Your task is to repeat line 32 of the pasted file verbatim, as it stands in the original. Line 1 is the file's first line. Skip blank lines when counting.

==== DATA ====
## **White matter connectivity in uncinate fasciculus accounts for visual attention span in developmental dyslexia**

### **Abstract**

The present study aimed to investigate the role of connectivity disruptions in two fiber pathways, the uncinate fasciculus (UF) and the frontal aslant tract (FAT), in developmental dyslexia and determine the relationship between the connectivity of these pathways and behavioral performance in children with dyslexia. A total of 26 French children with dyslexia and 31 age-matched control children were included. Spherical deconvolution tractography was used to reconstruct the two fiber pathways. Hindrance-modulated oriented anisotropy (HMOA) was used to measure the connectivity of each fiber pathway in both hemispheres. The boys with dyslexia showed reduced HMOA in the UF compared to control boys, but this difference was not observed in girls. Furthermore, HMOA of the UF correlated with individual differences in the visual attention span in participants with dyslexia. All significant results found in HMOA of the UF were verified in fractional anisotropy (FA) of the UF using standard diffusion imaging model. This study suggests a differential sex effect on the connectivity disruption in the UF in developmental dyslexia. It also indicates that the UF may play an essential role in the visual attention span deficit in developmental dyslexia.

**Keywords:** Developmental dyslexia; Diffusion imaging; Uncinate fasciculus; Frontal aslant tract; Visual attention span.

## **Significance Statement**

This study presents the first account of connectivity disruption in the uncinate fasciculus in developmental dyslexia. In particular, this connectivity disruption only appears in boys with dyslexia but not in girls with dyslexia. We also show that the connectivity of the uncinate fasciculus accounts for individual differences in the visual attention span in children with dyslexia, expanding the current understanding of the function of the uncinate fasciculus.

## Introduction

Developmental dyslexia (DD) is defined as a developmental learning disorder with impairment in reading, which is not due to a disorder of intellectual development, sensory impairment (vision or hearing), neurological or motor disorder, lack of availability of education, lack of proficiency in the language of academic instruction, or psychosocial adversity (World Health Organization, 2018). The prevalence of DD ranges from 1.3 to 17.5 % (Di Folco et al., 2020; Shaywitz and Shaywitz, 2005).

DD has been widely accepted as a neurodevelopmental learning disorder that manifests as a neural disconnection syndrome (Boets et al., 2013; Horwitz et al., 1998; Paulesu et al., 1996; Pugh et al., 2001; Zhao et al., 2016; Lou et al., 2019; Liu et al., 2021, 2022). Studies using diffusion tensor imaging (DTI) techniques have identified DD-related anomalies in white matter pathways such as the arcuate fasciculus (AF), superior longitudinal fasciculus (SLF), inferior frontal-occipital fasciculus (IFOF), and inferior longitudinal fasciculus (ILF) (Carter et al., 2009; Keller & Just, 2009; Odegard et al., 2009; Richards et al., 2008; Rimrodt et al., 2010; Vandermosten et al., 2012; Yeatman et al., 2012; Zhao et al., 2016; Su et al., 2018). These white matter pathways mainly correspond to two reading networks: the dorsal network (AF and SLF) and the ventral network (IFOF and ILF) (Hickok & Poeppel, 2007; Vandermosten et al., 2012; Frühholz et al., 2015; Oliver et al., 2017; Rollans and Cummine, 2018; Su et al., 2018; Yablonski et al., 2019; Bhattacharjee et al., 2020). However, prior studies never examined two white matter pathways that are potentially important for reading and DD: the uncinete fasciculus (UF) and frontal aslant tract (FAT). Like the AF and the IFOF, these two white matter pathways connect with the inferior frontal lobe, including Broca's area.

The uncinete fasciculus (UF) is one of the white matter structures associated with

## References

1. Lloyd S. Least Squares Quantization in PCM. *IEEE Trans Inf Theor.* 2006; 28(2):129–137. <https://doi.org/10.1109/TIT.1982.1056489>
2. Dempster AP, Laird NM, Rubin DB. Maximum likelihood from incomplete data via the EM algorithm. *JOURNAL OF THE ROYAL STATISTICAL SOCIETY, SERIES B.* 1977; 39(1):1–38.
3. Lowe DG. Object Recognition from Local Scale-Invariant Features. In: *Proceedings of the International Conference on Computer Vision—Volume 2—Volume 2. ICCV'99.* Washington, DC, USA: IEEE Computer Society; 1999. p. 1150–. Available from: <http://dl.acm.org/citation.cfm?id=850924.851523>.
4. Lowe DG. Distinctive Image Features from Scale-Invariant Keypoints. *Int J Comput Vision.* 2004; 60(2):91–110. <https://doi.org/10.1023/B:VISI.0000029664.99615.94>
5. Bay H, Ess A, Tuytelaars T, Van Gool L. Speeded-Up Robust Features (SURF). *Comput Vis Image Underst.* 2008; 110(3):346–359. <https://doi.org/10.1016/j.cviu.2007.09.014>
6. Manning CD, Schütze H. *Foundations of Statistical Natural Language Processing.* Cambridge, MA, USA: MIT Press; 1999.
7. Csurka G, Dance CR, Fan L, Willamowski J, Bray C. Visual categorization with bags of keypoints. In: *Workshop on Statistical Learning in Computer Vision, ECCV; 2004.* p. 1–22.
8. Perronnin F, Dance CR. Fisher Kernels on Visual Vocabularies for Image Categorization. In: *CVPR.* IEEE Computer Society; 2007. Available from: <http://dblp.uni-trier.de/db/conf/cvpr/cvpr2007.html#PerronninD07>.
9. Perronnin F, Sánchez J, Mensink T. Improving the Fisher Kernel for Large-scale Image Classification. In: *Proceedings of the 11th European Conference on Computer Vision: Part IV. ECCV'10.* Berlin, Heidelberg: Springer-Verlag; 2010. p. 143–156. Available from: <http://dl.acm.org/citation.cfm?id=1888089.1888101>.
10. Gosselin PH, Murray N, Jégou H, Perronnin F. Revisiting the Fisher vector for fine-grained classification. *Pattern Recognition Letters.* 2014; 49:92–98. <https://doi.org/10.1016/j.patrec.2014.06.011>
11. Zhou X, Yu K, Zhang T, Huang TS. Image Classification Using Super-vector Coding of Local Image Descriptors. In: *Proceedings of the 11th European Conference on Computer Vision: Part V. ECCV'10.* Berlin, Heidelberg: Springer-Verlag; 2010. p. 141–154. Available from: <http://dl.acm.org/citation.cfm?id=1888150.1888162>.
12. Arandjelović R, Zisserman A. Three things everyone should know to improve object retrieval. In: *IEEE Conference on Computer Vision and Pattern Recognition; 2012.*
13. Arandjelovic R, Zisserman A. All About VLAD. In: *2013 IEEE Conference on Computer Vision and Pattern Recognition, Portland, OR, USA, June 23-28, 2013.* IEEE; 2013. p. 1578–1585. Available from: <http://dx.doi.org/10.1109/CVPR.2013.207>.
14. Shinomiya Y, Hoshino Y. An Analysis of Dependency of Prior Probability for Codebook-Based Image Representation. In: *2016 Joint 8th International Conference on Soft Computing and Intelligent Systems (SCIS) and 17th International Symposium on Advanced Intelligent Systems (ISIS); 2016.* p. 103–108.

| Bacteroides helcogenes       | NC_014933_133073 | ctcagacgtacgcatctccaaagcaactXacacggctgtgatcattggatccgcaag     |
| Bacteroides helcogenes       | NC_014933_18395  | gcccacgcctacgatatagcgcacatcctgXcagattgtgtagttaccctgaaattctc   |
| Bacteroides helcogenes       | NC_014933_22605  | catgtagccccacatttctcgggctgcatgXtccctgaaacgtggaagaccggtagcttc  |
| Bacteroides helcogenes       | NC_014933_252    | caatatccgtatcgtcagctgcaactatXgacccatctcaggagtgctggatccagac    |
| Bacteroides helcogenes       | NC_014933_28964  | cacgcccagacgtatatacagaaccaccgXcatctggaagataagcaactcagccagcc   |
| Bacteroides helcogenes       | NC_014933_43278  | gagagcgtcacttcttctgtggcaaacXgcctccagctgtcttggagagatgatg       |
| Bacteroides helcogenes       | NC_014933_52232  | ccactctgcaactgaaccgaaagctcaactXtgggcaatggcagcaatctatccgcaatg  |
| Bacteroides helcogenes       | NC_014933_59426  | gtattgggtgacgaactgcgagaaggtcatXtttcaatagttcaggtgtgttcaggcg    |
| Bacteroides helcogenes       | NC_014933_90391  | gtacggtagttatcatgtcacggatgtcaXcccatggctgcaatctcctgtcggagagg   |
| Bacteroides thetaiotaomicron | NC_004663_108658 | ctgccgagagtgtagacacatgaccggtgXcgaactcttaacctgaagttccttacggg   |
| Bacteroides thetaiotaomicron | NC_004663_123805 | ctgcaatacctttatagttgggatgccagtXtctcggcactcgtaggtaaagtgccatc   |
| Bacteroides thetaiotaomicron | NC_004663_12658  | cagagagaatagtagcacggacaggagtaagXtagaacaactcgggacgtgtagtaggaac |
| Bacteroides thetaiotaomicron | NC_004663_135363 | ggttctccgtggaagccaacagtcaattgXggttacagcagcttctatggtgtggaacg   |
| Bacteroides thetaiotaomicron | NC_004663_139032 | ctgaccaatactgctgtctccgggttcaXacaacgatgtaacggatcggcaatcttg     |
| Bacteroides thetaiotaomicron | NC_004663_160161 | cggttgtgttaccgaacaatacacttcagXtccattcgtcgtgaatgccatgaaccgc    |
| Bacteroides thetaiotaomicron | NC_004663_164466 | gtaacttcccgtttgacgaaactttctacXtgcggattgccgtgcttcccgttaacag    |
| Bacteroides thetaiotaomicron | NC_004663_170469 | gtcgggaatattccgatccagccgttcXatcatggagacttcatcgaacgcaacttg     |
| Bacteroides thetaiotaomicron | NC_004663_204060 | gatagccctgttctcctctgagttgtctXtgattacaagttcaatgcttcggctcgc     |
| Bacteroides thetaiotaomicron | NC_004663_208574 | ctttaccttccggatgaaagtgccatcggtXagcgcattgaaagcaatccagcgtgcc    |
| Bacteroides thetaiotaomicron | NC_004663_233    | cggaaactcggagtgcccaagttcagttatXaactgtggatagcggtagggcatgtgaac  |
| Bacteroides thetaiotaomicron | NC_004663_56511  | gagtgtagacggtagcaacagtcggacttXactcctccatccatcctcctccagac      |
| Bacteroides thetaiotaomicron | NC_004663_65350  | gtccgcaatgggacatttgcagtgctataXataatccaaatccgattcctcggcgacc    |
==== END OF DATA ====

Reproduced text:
| Bacteroides helcogenes       | NC_014933_52232  | ccactctgcaactgaaccgaaagctcaactXtgggcaatggcagcaatctatccgcaatg  |